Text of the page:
The Java security manager provides a central decision point for implementing Java security rules. This ensures that security access controls are implemented in a manageable and consistent manner. The SecurityManager class of the java.lang package may be overridden to implement a custom security policy for standalone Java programs such as those that load applets. A SecurityManager object cannot, however, be created, invoked, or accessed by a network-loaded applet. This prevents applets from modifying the security policy implemented by the runtime system's SecurityManager object.
The applet security policy implemented by the default SecurityManager object varies from one browser to another. Netscape Navigator 2.0 implements a security policy that enforces the following rules for applets that are loaded over a network:
Keeping Java secure is an ongoing process. Several security flaws have been identified to date and it is reasonable to expect that new Java security flaws will continue to be found. Sun and Netscape have responded quickly to newly discovered security flaws, often releasing fixes within days. As new versions of Java are released and the Java API is expanded, new security flaws will most likely be introduced. To stay current with Java security issues, you should periodically review the FAQ on applet security maintained by JavaSoft. This FAQ contains the status of all known security-related bugs in Java and Java-enabled browsers. The FAQ is located at the URL http://java.sun.com/sfaq/. A source of information on general Java bugs in the JDK 1.0 release can be found at http://www.javasoft.com/JDK-1.0/knownbugs.html.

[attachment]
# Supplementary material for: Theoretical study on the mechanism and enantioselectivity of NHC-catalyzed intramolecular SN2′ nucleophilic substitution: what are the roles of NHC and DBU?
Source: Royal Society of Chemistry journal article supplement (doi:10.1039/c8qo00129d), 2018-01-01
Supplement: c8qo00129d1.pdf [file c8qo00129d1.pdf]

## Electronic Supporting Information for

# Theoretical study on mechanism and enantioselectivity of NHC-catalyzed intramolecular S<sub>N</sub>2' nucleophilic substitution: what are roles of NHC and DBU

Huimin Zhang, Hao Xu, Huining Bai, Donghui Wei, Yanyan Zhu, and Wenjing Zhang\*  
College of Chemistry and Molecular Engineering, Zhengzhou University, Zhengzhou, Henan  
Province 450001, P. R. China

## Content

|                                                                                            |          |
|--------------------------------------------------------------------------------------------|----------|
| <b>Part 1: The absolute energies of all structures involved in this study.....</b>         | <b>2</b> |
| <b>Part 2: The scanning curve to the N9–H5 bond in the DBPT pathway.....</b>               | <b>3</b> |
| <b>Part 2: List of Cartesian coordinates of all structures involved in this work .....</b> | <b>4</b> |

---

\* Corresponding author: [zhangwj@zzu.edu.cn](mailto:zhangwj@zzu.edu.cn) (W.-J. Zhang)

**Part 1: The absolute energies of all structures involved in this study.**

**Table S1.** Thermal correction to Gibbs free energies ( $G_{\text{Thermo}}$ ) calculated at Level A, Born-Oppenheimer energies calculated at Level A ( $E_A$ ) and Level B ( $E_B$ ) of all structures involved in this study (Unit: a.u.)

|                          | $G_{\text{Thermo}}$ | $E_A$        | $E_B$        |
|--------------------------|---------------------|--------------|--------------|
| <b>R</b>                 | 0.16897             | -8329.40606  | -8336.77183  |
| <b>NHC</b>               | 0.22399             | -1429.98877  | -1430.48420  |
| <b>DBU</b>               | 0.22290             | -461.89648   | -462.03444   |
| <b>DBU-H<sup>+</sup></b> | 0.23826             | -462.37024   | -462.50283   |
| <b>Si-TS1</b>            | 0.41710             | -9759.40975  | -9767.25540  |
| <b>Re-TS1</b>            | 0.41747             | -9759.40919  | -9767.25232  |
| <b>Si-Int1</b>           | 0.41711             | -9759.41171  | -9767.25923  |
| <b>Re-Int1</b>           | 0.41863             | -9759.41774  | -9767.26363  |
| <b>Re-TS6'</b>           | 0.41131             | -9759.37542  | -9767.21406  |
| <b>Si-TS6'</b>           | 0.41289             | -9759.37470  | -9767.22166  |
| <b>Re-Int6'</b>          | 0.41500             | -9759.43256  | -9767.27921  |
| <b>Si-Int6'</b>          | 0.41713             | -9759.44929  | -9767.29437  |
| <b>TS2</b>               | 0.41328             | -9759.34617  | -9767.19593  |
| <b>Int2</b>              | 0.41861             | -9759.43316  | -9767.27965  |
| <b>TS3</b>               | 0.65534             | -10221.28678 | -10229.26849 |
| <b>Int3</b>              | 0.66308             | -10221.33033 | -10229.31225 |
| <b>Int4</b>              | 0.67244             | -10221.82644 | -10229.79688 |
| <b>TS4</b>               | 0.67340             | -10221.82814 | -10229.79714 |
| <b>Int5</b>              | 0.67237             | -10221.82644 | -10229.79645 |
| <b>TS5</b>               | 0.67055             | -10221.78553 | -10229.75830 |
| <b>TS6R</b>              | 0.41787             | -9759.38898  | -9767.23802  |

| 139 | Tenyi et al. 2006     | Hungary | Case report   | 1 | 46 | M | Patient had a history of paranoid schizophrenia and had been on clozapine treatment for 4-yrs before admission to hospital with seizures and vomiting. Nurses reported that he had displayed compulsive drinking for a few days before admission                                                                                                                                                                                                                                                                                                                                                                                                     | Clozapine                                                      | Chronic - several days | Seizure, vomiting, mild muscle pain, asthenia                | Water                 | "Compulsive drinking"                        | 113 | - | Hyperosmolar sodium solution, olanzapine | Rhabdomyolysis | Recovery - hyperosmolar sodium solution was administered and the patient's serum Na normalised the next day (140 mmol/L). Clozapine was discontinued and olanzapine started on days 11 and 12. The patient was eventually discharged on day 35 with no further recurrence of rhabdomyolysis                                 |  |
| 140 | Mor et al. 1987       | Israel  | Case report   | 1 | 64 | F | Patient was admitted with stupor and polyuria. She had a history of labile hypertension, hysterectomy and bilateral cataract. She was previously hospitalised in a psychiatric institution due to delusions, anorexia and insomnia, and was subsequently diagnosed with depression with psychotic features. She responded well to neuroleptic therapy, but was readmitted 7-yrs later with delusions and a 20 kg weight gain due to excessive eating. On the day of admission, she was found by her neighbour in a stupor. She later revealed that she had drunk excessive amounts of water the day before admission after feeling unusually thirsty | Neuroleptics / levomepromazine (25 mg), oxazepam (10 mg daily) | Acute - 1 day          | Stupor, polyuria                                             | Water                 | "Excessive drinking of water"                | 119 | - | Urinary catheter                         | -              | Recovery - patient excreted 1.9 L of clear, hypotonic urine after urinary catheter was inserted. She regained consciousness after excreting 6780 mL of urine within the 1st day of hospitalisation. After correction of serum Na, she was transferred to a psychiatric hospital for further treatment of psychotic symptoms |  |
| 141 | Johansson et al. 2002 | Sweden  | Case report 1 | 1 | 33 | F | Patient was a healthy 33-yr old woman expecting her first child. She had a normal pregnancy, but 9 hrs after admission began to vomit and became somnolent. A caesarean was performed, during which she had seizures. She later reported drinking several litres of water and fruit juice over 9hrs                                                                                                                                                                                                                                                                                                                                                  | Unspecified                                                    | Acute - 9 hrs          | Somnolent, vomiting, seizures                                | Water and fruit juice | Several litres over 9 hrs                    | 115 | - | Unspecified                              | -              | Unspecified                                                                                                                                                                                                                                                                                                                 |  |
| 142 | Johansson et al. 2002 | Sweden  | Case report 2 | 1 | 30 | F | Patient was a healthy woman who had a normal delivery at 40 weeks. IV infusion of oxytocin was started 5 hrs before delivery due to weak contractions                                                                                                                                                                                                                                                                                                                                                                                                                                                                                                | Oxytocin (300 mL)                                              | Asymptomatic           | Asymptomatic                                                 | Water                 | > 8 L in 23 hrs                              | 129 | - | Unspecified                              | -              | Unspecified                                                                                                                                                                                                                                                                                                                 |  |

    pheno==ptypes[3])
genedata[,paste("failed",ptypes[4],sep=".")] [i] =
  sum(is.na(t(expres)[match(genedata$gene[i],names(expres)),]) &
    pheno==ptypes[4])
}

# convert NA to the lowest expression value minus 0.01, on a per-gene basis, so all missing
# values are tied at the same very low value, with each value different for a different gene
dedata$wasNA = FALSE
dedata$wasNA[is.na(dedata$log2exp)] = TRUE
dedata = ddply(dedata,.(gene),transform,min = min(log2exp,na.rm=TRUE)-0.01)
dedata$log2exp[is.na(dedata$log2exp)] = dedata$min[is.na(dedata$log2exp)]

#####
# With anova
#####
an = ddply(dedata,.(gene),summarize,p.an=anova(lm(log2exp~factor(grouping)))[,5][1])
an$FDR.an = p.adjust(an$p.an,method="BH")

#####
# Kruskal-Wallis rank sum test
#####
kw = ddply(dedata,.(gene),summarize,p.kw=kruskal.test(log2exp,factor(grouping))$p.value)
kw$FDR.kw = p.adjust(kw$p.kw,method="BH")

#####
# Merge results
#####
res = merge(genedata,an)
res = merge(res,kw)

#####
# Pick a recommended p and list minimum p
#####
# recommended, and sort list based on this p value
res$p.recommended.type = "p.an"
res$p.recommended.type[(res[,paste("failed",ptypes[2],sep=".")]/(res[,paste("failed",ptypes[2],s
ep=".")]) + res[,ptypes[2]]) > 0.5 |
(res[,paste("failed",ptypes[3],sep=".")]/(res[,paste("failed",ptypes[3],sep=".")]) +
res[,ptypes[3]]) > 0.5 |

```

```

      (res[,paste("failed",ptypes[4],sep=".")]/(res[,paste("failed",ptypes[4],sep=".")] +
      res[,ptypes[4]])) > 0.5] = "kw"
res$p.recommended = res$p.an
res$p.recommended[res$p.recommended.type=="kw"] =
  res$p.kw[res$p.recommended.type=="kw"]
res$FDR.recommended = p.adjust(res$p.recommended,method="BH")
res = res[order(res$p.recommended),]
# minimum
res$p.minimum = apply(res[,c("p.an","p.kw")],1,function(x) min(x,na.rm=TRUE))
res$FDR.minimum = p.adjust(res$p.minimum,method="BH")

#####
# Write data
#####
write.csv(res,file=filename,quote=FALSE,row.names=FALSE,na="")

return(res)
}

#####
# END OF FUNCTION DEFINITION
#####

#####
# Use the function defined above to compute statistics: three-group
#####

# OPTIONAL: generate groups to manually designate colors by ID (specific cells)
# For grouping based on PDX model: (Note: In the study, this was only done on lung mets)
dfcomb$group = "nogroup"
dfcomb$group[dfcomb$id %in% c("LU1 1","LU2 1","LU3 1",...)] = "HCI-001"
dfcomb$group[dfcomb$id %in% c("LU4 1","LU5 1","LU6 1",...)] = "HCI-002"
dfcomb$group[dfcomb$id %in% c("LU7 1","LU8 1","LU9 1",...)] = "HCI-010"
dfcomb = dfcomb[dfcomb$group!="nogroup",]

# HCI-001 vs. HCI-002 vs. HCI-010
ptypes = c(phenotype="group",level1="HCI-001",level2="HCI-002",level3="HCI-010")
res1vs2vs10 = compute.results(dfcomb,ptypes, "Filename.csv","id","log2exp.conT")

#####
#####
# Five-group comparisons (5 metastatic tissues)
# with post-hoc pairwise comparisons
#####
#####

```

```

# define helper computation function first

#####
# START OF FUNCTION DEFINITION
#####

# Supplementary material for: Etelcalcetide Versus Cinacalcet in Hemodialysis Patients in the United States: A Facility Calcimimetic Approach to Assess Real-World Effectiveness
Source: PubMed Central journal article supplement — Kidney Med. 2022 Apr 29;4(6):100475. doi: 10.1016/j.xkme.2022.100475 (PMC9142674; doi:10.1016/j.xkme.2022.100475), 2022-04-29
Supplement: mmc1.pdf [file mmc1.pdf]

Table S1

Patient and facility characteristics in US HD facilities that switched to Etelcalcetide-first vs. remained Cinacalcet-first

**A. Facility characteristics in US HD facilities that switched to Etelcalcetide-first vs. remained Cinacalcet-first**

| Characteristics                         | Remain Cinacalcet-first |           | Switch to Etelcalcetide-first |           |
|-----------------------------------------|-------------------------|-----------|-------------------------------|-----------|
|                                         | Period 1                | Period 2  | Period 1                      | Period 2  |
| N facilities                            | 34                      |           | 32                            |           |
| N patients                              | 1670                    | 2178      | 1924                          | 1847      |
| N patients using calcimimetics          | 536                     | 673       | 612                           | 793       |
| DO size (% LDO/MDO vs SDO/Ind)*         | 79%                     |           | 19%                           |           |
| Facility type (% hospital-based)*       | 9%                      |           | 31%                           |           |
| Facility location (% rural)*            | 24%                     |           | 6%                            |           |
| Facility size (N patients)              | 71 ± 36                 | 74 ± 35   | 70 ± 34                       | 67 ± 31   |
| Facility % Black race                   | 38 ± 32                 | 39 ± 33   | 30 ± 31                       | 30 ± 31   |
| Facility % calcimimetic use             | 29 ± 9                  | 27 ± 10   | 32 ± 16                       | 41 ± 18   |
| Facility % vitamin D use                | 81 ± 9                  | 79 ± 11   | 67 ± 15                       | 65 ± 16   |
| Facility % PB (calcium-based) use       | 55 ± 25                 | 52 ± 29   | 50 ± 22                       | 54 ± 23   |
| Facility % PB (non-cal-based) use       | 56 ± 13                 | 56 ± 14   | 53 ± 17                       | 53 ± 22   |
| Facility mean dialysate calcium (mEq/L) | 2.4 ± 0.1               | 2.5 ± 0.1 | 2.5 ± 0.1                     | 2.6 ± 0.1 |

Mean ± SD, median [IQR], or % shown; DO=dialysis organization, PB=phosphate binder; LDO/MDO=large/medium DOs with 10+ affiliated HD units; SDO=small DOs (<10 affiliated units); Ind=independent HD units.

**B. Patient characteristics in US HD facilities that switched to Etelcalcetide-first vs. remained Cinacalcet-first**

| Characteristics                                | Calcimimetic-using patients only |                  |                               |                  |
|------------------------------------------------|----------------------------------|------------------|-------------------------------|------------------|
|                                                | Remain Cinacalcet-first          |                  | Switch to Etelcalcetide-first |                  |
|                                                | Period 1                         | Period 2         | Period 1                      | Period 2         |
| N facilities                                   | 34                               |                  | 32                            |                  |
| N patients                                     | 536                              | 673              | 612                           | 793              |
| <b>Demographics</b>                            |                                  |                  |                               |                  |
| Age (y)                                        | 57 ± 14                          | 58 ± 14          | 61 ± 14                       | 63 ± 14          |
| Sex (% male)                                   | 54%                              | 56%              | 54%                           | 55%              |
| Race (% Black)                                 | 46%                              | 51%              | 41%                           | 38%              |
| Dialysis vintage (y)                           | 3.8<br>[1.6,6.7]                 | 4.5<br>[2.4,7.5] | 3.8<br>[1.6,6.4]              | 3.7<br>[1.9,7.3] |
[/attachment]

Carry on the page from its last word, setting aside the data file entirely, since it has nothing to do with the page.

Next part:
In this chapter you have learned about the security of Java applets and programs. You have learned about the threats faced by those who use Java applets and programs and the security restrictions placed on Java applets. You have covered the security features of the Java language, compiler, and runtime environment and explored the security mechanisms implemented by Java-enabled browsers. The next and final chapter examines Java platforms and extensions.